Commentary on Health Care Opinion Leaders' Views on Health Reform, Implementation, and Post-Reform Priorities by former Senate Majority Leader Tom Daschle
Congratulations to President Barack Obama and his team for their extraordinary leadership and persistence in achieving something that his predecessors did not. In addition, House Speaker Nancy Pelosi, Senate Majority Leader Harry Reid, and the courageous members of the House and Senate who supported this bill demonstrated remarkable leadership while withstanding immense political pressure
However, after 15 months of historic legislative effort that included countless meetings, innumerable congressional hearings, many difficult votes, and thousands of speeches, this is only the beginning. If this were a football field, we would only be first and 10 on the 30 yard line with 70 yards to go. This landmark legislation now gives us the opportunity to move the ball toward the goal line of universal access, reduced cost through meaningful payment reform, and dramatically improved health quality and outcomes.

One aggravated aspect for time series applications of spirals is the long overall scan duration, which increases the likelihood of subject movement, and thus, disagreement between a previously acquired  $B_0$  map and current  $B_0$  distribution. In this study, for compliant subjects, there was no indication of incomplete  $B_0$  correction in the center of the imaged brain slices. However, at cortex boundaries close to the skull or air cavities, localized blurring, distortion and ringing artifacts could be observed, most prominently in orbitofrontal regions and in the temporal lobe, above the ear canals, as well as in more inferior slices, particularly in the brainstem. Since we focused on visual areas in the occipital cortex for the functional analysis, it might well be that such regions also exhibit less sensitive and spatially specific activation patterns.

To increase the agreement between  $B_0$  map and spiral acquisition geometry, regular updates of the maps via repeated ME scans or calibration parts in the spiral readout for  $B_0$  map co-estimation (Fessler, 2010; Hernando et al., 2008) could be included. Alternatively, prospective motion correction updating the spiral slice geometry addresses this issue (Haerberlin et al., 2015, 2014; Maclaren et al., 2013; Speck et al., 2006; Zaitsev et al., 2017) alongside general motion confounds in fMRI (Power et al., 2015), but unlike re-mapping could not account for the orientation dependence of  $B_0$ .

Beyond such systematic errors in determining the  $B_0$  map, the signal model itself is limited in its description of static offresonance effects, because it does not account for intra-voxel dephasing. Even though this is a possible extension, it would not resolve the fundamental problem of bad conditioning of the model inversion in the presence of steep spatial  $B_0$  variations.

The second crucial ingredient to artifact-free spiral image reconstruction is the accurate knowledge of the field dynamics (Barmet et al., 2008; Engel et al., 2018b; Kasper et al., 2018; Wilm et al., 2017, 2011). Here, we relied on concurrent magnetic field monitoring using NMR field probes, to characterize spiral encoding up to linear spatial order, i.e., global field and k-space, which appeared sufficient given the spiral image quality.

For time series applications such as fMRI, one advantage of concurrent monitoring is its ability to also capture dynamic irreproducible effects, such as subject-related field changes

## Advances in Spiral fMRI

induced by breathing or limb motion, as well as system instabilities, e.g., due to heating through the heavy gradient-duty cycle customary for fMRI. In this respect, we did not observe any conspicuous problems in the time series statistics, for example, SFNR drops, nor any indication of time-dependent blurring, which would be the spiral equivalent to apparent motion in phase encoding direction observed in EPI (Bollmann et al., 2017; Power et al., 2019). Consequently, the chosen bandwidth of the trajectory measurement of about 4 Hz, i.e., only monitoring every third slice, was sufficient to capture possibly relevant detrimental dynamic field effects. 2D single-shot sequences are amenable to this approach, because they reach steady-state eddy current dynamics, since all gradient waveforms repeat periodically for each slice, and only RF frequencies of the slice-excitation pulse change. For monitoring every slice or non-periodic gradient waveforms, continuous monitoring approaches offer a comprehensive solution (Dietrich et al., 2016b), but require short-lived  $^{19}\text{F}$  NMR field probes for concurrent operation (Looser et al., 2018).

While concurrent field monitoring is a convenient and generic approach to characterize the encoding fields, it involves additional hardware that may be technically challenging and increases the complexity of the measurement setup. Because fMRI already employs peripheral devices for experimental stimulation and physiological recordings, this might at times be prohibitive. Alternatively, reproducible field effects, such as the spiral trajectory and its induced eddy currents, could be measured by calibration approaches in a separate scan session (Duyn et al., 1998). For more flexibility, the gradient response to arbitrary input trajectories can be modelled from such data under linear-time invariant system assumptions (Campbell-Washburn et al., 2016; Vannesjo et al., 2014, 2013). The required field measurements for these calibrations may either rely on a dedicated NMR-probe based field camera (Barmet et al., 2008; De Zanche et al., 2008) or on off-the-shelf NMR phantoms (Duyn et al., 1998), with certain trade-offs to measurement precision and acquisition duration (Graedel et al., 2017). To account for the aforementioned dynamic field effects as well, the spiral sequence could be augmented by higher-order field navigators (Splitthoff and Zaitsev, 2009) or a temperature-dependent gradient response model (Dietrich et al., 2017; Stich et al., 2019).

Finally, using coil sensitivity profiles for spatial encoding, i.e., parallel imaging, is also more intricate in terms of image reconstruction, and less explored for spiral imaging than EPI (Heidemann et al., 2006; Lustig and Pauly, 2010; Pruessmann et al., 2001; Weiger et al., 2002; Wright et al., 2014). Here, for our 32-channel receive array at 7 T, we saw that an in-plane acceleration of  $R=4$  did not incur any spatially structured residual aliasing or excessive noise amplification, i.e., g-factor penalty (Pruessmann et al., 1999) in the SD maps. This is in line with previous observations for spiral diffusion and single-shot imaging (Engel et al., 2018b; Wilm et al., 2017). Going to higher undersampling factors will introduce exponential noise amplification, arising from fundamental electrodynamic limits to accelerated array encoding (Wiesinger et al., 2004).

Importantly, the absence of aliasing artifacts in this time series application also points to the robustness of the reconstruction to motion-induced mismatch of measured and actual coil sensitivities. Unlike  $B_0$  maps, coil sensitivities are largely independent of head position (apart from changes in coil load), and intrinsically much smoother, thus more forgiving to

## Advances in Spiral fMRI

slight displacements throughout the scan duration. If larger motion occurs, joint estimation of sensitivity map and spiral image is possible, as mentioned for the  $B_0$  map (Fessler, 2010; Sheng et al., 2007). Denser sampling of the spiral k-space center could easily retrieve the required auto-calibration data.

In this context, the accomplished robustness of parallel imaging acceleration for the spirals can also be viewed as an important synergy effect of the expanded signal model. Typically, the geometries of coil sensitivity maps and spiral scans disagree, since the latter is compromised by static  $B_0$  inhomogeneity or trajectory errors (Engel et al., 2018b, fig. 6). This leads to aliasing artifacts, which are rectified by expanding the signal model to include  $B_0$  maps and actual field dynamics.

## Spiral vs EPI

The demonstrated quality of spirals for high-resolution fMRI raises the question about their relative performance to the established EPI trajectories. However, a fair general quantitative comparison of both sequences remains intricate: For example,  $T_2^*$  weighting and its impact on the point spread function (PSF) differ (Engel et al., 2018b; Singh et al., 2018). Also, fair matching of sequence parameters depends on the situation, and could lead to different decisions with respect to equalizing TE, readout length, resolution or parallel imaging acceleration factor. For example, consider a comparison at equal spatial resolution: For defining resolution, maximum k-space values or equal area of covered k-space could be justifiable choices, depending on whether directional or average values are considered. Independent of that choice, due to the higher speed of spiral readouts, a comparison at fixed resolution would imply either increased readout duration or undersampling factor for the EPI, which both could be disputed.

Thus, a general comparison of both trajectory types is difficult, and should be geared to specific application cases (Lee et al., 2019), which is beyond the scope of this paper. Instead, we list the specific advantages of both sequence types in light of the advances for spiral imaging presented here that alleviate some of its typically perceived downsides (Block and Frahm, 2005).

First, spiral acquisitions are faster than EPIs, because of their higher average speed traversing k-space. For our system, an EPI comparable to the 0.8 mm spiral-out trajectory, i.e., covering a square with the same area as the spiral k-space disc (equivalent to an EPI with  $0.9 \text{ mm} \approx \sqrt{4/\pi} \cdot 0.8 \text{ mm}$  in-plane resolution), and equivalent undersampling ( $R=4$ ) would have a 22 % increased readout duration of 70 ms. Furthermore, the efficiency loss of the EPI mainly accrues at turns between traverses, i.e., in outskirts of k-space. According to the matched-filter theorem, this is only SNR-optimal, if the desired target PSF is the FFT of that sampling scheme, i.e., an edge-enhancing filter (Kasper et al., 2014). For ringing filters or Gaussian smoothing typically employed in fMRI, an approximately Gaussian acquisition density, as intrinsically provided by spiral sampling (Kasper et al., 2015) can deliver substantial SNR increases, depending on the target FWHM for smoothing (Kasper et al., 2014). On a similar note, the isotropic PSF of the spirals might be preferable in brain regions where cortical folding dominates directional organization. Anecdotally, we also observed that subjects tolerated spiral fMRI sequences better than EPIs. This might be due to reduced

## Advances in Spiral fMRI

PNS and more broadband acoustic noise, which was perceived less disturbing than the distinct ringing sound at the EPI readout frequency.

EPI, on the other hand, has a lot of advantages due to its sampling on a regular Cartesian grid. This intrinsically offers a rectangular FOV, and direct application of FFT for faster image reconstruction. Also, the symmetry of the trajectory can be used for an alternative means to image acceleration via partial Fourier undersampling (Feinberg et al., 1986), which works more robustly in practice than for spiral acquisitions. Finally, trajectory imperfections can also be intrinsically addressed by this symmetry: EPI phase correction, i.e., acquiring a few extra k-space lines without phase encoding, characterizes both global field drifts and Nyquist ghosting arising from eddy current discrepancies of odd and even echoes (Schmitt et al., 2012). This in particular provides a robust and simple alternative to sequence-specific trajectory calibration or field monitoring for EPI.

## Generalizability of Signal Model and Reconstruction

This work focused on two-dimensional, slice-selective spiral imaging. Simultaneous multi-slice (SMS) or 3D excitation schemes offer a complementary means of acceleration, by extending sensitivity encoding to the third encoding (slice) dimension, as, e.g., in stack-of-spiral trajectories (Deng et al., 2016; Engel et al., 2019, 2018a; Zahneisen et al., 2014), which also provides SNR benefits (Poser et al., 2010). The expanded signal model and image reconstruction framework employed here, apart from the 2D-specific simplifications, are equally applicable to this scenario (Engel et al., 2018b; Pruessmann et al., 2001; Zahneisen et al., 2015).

After the incredibly arduous and unprecedented lift of legislating, the challenging and time-consuming task of implementation must now commence. It includes substantial reform of our insurance market, embryonic efforts to reform the way we pay for health care, and initial policy investments to improve health care delivery. It is critically important to apply these new policy tools to address our current circumstances and to give priority to the problems we must solve.
As a result of the close cooperation and coordination among leaders in Congress with key officials in the White House and Department of Health and Human Services, this challenge is well understood. They know we must use the full authority of this legislation to aggressively begin comprehensive and expeditious implementation.